A lot of the time, it’s hard to keep track of just what Miniter is accusing Clinton of. He notes that Clinton made only one public comment after the World Trade Center attack in 1993, and says “this clearly demonstrated that he did not sense the importance of the bombing.” This is a charge that seems credible; it’s hard to believe that he didn’t grasp the issue more firmly. But just 48 pages later, Miniter writes, “Less than a month after the World Trade Center explosion, Clinton became obsessed with capturing and convicting” the perpetrators. So which is it, insensible or obsessed? Miniter then slaps Clinton for putting Richard Clarke of the National Security Council in charge of capturing the suspects, instead of “a general, a cabinet secretary or an elder statesman.” Or James Bond, for that matter. It seems that appointing someone smart, vigorous, and determined who’ll bang the heads of the sclerotic generals, cabinet secretaries, and elder statesmen who don’t have the celerity necessary to pursue this sort of villain is exactly the right thing to do.

And of course, Ramzi Yousef, the World Trade Center bomber, was captured under Clarke’s watch, and is now in a federal prison, hopefully rotting.Miniter criticizes the Clinton administration for spending a lot of time treating the attacks of al Qaeda as law enforcement issues. He argues, sensibly, that we could have done a lot better if the F.B.I. and C.I.A. could have worked together. That’s obviously true; but should Clinton have invested his time trying to overcome both the good historical precedents for separating the agencies, as well as the entrenched prejudices of the stubborn members of the agencies themselves, in order to push through legislation to change the law that separated their spheres of action? Only with the hindsight of 9/11 would you argue that would have been a useful investment of the president’s time. Besides, Miniter soon goes on to talk about how budget cutbacks had limited the C.I.A.’s effectiveness, leaving us to wonder how much better cooperation would have helped if the C.I.A. was so inept. Miniter blames Clinton for the C.I.A.’s problems because then-director James Woolsey got himself into a feud with his budget master, Sen. Dennis DeConcini (D-Ariz.), who kept slashing C.I.A. appropriations, including money for Arabic translators, in revenge. In other words, Miniter expects a president to pull himself away from brokering an agreement between Rabin and Arafat to moderate a dispute between a smug, inept bureaucrat and a childish, irresponsible senator.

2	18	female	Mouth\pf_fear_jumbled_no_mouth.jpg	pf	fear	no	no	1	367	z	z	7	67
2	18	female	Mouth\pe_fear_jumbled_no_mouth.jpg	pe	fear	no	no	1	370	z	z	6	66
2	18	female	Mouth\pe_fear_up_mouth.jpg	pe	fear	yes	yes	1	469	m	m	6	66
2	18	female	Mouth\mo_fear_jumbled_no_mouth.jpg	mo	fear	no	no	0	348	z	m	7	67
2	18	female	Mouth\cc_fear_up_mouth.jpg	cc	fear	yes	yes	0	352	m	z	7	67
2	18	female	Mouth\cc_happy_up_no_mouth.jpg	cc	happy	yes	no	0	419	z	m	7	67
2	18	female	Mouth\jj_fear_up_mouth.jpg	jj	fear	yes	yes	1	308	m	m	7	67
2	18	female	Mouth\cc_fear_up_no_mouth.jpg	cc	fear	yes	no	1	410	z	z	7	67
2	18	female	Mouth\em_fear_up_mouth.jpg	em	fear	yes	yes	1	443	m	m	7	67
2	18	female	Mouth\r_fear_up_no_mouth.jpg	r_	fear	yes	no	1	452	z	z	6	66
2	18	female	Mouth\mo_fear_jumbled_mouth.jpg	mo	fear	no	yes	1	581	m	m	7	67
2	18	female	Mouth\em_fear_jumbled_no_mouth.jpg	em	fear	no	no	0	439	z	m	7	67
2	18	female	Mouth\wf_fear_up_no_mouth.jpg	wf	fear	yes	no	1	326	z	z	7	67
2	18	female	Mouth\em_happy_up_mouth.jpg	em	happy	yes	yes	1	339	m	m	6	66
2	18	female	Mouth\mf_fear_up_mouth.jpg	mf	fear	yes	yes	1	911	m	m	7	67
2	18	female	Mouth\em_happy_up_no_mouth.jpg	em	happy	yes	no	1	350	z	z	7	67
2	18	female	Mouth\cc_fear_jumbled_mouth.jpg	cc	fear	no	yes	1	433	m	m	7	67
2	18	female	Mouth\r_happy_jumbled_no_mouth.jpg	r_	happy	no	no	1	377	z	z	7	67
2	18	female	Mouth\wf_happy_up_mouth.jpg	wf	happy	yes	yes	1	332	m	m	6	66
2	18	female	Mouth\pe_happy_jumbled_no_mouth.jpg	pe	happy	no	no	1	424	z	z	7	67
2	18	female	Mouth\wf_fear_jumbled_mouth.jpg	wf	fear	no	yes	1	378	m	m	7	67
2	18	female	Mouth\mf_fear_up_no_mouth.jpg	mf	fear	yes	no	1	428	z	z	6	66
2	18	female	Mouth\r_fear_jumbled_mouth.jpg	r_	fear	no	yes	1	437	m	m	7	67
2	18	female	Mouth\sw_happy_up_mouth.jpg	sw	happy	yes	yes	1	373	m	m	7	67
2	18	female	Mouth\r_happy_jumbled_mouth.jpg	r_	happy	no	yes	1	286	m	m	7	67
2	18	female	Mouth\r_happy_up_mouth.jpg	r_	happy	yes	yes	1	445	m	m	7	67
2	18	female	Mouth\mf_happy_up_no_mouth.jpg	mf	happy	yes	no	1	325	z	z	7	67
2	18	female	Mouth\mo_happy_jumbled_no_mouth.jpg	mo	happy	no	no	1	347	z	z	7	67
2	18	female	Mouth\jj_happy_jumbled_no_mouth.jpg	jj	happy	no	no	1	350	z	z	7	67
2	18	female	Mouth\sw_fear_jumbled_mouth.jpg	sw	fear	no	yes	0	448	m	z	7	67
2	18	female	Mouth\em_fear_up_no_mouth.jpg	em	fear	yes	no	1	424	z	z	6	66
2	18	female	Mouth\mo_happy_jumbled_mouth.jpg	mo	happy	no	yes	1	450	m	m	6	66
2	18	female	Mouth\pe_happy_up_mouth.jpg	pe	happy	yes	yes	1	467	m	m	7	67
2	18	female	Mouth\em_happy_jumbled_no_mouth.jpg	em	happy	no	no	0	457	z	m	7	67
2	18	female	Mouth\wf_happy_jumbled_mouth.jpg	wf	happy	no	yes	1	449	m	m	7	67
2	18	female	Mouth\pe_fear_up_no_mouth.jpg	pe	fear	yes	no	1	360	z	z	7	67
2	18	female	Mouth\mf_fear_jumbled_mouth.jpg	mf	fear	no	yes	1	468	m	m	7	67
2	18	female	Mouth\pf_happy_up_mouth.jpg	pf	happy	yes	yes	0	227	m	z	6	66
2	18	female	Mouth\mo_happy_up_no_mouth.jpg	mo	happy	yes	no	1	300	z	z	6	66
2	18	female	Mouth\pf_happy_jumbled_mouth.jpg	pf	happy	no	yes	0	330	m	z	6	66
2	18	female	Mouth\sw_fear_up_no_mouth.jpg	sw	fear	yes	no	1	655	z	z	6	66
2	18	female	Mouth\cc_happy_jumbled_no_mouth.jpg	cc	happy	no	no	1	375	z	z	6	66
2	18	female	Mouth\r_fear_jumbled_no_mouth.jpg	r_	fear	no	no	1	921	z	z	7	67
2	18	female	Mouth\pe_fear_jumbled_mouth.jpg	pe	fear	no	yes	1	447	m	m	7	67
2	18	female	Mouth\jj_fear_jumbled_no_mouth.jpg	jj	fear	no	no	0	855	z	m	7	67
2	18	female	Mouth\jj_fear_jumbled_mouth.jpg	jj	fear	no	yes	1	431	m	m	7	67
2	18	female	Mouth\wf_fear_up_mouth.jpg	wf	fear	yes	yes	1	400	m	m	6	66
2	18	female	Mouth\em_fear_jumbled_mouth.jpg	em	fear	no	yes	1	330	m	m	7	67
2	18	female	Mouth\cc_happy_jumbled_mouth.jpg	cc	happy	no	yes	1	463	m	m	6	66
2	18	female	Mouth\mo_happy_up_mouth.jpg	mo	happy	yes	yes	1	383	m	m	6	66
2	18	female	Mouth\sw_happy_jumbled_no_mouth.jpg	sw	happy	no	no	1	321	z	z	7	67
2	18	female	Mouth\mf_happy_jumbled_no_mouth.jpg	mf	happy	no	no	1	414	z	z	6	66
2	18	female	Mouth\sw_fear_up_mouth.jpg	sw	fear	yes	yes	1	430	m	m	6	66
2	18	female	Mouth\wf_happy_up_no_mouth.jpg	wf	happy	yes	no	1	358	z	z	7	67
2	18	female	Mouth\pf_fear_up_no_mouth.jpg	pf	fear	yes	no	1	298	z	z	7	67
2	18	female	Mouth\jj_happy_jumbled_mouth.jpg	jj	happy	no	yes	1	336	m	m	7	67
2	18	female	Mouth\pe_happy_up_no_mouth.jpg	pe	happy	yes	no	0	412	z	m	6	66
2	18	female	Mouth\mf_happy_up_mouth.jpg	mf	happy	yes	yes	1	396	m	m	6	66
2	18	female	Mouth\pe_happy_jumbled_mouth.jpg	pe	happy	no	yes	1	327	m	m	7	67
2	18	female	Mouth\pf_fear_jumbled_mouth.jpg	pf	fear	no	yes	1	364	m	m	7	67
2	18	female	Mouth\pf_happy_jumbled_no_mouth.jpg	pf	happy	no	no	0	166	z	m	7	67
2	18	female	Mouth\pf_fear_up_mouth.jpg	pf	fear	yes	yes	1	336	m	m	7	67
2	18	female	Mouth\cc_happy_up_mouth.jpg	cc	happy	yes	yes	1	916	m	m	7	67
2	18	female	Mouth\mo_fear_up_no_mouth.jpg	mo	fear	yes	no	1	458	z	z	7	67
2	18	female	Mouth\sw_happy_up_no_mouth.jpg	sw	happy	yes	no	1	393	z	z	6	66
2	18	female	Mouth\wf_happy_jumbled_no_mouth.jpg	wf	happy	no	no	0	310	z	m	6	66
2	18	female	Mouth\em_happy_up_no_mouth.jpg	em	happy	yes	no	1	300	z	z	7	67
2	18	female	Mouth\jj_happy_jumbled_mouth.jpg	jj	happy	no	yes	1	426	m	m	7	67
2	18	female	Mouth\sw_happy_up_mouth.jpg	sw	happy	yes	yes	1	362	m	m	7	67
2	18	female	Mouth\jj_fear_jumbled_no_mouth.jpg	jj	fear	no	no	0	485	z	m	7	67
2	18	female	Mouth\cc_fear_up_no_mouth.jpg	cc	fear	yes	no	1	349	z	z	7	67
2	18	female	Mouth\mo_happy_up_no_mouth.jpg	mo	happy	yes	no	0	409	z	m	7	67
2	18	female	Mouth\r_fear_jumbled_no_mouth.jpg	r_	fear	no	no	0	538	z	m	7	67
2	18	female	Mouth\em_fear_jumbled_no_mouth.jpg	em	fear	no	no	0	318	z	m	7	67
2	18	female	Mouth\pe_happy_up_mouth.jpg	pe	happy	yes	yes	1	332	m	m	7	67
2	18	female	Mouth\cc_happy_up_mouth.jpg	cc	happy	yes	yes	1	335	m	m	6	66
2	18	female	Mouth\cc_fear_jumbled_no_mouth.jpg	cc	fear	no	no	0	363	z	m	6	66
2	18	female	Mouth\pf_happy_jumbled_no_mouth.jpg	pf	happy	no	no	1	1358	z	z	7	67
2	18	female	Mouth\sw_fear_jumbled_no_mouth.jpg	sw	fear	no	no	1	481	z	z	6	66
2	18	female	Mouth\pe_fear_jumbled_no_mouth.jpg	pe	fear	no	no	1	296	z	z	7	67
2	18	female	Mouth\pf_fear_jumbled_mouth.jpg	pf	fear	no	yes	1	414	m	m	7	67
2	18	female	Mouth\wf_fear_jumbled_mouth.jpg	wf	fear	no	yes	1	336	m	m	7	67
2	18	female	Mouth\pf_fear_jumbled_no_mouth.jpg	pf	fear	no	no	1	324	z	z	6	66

It seems that for most of Miniter’s accusations of Clintonian ineptitude, there are extenuating circumstances. Now, no one likes an extenuating circumstance, but only a fool thinks they don’t exist. That offer by the Sudanese to turn over bin Laden? Turns out the Justice Department didn’t think they had enough evidence to indict him. Now, Miniter quotes an unnamed Bush administration official telling him that there was “plenty” of evidence on which to bring charges. Who knows? You have to wonder whether this official also believes there’s “plenty” of evidence of weapons of mass destruction in Iraq. What about those Predator drones that had bin Laden in their sights? Miniter says that the people monitoring them were sure they had lined up bin Laden 20 times, but that the Clinton administration required an unrealistic level of certitude before firing them. Of course, he reports that at least one of those times, it wasn’t bin Laden, just some sheik out playing with his falcons. One can only imagine the ebullience with which Miniter would have written the chapter that detailed how we obliterated the sheik, popped open some champagne to celebrate, called off the hunt, and allowed the elusive bin Laden to slip away.